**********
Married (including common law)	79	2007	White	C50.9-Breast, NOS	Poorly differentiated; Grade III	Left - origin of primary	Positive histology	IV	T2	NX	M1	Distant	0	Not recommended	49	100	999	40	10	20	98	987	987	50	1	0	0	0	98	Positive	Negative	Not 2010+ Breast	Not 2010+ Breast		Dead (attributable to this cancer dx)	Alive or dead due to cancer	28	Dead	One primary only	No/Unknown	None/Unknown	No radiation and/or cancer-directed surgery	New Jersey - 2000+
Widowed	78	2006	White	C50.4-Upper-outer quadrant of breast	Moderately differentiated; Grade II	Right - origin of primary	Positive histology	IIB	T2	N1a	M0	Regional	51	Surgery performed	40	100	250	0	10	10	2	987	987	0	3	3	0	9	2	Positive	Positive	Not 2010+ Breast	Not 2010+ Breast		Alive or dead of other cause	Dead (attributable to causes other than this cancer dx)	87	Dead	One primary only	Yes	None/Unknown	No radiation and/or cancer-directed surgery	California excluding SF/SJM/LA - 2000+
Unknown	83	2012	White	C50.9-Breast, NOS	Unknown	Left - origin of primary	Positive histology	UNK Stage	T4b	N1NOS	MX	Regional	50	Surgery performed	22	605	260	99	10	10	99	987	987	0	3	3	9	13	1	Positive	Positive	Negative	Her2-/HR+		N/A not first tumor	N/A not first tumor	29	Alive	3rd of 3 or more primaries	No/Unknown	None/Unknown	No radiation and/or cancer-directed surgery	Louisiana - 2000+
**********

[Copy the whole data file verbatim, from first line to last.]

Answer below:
Married (including common law)	79	2007	White	C50.9-Breast, NOS	Poorly differentiated; Grade III	Left - origin of primary	Positive histology	IV	T2	NX	M1	Distant	0	Not recommended	49	100	999	40	10	20	98	987	987	50	1	0	0	0	98	Positive	Negative	Not 2010+ Breast	Not 2010+ Breast		Dead (attributable to this cancer dx)	Alive or dead due to cancer	28	Dead	One primary only	No/Unknown	None/Unknown	No radiation and/or cancer-directed surgery	New Jersey - 2000+
Widowed	78	2006	White	C50.4-Upper-outer quadrant of breast	Moderately differentiated; Grade II	Right - origin of primary	Positive histology	IIB	T2	N1a	M0	Regional	51	Surgery performed	40	100	250	0	10	10	2	987	987	0	3	3	0	9	2	Positive	Positive	Not 2010+ Breast	Not 2010+ Breast		Alive or dead of other cause	Dead (attributable to causes other than this cancer dx)	87	Dead	One primary only	Yes	None/Unknown	No radiation and/or cancer-directed surgery	California excluding SF/SJM/LA - 2000+
Unknown	83	2012	White	C50.9-Breast, NOS	Unknown	Left - origin of primary	Positive histology	UNK Stage	T4b	N1NOS	MX	Regional	50	Surgery performed	22	605	260	99	10	10	99	987	987	0	3	3	9	13	1	Positive	Positive	Negative	Her2-/HR+		N/A not first tumor	N/A not first tumor	29	Alive	3rd of 3 or more primaries	No/Unknown	None/Unknown	No radiation and/or cancer-directed surgery	Louisiana - 2000+